Bob Dylan

don’t think twice it’s all right

In response to The Daily Post’s writing prompt: “A Dog Named Bob.”

Two Saturday mornings ago I was sitting down eating breakfast, at a local restaurant, with my cousin Larry and his wife Rose. My plate had a picture of a bluejay in its design. It was so enchanting I quite regretted having to pour so much syrup over the fine illustration. I knew there was no way the ink could run, but it would still spoil the pristine appearance of it all. It was quite a lovely meal other than that one unfortunate problem. When we eventually went back to their house, on my way up the front stoop, I couldn’t help noticing that a neighbor of theirs was hanging around their mailbox with his dog, who, he pointed out, was named Bob.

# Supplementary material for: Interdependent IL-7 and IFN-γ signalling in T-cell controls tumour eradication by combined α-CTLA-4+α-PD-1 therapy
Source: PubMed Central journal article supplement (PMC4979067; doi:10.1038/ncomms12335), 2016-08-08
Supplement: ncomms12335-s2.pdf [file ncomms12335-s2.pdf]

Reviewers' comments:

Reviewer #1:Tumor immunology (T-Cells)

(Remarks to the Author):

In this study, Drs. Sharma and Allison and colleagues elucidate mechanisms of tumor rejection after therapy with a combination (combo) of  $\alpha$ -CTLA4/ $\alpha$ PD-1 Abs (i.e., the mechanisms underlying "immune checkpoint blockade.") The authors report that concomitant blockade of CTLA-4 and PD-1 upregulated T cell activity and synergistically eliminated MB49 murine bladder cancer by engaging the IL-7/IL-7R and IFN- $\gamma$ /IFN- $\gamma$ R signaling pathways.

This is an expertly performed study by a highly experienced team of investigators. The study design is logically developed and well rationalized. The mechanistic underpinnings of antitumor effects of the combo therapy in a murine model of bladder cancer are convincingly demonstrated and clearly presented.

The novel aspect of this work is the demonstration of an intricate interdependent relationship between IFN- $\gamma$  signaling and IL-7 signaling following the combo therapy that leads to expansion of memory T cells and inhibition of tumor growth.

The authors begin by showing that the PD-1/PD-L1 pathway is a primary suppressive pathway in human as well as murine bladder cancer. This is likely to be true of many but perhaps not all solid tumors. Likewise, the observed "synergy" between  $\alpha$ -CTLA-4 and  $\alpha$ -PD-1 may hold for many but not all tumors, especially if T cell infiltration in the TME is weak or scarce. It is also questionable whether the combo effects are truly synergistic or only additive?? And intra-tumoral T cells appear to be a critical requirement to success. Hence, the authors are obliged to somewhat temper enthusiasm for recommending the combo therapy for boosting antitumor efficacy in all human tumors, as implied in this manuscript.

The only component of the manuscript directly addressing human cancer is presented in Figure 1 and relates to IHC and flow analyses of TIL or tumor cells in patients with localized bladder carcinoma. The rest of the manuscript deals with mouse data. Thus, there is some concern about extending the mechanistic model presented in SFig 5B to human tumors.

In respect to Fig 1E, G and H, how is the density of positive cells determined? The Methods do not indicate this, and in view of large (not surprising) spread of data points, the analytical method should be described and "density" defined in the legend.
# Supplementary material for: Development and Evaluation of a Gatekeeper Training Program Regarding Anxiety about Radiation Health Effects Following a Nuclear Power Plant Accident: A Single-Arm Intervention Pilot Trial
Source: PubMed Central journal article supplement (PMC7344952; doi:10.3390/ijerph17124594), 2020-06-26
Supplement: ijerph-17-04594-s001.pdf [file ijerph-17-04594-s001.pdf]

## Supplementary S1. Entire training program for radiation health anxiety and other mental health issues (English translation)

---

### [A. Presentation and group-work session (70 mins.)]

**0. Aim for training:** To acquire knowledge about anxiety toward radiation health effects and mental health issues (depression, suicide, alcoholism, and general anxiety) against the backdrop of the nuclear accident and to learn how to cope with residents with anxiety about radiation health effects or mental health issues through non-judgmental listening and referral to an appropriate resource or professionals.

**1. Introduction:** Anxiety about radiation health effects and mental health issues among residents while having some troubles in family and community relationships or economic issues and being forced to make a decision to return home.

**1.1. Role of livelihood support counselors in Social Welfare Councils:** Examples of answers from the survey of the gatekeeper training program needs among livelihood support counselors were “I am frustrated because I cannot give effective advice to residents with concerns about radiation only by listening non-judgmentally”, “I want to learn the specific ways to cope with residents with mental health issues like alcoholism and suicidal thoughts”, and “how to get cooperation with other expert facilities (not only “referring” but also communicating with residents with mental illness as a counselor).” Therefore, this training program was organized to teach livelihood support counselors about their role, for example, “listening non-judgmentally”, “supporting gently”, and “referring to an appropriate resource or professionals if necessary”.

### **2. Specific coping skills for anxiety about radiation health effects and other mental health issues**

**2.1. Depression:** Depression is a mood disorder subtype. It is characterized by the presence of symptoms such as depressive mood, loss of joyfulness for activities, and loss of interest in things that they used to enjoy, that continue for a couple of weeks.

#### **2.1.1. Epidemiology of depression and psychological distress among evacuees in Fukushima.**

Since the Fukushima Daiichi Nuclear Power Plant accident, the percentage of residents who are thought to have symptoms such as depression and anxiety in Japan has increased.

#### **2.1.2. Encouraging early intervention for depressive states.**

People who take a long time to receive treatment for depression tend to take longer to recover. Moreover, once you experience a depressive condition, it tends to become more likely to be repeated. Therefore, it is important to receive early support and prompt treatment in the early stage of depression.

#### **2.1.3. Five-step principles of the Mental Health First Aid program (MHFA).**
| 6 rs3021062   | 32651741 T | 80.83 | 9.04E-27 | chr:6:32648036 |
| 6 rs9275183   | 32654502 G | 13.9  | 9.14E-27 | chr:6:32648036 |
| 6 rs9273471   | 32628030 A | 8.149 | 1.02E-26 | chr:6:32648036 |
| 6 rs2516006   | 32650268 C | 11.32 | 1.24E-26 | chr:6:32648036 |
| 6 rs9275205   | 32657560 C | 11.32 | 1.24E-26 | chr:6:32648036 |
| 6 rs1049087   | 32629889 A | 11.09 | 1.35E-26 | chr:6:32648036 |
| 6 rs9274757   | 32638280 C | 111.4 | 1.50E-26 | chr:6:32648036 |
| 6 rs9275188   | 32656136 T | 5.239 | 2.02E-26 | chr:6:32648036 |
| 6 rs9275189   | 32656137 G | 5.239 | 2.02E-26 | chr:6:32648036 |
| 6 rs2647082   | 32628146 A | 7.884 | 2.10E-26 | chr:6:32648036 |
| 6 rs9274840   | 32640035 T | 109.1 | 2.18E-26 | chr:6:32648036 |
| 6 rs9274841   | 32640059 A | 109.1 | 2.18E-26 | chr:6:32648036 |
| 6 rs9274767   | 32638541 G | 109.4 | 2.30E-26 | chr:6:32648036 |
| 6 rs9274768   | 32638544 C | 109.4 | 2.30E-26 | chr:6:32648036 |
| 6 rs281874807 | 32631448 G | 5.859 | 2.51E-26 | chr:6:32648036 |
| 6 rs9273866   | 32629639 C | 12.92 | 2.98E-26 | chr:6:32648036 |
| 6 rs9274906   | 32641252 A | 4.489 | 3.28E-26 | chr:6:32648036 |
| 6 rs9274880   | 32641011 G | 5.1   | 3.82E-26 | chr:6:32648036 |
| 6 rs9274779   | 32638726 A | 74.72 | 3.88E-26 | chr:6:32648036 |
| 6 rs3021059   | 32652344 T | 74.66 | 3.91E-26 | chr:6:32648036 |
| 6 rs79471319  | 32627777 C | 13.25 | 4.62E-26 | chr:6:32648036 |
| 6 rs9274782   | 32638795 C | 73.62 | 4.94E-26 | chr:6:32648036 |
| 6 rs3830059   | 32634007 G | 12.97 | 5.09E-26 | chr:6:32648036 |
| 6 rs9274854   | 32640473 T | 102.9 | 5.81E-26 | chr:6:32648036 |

“Bob?!”, I spontaneously blurted out. “What in the hell kind of name is that for a dog?”

“Isn’t it the most interesting name?” he replied.

“Dude, surely you jest.”

“I quite think it fits him so well.”

Our confrontation went on for several minutes until I finally gave up on this seemingly pointless episode. I was especially stunned when he explained that Bob is an avid Dylan fan.


just my imagination running away from me